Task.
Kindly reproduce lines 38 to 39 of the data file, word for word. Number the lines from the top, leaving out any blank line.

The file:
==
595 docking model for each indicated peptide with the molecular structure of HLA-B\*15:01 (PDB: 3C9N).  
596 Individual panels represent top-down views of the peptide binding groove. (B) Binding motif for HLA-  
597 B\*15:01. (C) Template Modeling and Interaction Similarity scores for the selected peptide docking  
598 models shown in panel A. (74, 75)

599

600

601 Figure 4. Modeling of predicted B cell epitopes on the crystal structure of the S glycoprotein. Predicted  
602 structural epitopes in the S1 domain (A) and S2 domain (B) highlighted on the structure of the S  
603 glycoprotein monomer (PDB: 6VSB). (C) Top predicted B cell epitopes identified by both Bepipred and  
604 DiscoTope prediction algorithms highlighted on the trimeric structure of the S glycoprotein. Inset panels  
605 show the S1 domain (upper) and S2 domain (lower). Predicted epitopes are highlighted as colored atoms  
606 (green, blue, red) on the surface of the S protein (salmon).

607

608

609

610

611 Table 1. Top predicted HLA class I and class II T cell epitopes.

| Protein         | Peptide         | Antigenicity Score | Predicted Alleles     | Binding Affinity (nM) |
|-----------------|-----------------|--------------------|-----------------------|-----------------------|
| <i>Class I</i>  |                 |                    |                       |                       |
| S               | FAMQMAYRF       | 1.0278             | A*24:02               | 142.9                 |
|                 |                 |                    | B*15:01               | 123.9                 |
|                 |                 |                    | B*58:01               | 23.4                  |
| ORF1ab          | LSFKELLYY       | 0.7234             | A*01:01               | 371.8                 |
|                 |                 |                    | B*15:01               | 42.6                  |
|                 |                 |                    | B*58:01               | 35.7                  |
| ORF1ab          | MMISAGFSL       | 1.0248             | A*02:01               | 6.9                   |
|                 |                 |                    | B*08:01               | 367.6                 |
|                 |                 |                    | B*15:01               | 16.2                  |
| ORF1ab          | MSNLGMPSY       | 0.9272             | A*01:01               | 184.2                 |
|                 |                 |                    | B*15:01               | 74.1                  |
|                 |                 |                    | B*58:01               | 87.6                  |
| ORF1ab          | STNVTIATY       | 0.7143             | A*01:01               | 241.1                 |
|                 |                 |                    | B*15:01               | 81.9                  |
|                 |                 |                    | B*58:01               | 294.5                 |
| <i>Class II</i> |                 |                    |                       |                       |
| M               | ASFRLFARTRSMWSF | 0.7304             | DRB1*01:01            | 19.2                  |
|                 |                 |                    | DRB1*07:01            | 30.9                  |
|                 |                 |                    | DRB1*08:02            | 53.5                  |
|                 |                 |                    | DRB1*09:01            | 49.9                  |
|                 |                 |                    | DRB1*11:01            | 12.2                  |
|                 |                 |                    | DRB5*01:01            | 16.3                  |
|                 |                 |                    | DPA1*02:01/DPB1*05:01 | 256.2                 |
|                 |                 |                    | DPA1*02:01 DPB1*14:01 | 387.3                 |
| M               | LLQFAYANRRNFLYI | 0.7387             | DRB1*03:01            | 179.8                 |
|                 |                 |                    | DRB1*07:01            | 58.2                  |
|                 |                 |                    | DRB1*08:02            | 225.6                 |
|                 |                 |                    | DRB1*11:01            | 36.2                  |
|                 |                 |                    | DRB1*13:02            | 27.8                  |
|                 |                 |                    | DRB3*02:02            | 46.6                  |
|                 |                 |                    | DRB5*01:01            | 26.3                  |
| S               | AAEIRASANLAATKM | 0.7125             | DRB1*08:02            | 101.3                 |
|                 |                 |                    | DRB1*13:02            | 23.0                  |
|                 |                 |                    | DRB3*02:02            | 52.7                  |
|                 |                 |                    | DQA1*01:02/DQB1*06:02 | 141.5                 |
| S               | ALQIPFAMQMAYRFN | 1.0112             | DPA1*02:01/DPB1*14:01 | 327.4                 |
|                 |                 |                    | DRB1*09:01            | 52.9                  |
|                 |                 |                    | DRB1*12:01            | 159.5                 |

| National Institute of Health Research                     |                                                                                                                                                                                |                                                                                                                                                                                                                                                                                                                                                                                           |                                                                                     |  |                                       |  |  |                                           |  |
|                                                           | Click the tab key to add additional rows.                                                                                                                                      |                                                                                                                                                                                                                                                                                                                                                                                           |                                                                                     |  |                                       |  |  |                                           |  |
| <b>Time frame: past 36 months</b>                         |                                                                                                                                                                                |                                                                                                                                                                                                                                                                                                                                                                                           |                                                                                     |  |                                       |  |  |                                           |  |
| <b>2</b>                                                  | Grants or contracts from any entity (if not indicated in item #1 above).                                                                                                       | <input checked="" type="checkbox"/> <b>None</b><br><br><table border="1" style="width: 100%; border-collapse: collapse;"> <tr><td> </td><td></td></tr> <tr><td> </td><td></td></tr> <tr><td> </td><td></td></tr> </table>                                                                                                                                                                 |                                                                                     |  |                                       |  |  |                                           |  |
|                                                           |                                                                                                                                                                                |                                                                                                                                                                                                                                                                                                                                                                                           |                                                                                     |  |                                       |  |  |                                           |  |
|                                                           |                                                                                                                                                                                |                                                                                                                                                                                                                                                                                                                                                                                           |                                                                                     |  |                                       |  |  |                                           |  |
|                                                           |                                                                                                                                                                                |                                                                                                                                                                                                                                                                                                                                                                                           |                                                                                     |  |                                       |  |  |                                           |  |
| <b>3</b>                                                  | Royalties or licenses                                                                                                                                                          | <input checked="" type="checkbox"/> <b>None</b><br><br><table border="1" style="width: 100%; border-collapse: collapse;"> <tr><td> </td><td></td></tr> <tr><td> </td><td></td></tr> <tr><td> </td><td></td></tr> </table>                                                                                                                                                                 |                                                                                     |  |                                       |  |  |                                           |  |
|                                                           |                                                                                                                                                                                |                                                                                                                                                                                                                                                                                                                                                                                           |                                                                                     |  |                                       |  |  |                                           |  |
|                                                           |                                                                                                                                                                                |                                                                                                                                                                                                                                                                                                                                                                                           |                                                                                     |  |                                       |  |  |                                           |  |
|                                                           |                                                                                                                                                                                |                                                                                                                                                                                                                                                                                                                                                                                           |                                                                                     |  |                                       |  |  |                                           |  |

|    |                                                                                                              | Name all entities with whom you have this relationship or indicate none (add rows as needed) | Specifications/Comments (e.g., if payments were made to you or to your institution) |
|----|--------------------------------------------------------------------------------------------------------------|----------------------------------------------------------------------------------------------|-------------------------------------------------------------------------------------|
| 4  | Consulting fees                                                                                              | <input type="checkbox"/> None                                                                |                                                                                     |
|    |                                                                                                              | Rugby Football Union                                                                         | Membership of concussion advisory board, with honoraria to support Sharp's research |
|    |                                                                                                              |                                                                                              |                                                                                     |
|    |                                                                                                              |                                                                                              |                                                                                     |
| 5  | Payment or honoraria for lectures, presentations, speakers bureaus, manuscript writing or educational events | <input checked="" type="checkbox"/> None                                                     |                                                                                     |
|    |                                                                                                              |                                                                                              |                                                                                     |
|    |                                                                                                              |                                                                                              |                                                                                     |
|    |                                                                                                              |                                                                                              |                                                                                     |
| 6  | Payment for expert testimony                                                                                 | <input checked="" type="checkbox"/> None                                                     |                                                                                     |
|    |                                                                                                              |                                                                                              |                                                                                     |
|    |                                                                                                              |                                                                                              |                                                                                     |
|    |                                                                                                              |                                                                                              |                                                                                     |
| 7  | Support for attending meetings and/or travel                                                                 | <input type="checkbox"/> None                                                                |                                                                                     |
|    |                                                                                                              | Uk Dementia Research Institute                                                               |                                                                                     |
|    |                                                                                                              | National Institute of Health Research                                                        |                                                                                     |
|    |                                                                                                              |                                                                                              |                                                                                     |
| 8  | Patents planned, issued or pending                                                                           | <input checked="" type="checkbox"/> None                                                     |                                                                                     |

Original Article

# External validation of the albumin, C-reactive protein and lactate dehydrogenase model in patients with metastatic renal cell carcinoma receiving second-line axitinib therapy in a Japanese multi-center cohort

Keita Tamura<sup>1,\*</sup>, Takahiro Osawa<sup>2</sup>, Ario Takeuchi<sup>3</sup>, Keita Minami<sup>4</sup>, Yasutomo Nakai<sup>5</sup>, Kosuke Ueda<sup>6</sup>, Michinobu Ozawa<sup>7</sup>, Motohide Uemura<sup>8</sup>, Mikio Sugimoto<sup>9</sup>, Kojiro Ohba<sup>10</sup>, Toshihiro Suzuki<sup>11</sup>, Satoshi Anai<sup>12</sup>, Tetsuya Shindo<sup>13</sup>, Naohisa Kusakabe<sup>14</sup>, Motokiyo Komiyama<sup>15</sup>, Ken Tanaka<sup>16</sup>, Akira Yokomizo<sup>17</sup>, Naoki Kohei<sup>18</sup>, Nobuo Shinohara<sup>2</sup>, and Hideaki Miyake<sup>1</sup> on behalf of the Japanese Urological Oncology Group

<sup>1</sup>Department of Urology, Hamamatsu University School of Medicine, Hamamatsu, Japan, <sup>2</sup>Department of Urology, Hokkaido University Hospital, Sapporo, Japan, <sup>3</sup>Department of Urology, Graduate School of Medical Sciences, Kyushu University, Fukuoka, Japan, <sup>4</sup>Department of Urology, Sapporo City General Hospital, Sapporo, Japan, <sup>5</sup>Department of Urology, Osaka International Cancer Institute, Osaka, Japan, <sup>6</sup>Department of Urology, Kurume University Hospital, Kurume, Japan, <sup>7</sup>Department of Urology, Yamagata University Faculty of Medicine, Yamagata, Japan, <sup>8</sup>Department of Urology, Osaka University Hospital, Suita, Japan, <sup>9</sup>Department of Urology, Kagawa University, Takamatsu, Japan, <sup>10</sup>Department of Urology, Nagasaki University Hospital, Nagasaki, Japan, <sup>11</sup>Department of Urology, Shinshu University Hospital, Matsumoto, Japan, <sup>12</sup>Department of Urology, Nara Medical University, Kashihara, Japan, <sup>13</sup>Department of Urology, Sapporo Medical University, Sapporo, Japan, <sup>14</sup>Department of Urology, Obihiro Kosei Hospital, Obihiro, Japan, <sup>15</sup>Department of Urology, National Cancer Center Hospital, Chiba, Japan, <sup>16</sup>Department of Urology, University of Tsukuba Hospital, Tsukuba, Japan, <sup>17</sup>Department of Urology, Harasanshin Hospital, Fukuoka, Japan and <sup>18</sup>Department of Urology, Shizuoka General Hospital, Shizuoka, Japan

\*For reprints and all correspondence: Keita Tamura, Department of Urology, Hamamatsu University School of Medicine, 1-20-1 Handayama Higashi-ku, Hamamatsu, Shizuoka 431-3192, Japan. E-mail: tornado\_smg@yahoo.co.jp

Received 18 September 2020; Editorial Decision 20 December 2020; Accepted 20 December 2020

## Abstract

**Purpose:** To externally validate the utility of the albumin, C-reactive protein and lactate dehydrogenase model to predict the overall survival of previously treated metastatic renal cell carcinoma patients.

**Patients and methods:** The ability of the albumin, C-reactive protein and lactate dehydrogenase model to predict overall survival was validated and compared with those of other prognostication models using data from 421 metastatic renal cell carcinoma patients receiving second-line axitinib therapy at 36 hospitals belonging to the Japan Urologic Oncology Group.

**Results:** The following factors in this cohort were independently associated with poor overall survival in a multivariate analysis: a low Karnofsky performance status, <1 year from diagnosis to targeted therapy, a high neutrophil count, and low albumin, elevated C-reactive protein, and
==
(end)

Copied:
|                 |                 |                    | DRB1*07:01            | 30.9                  |
|                 |                 |                    | DRB1*08:02            | 53.5                  |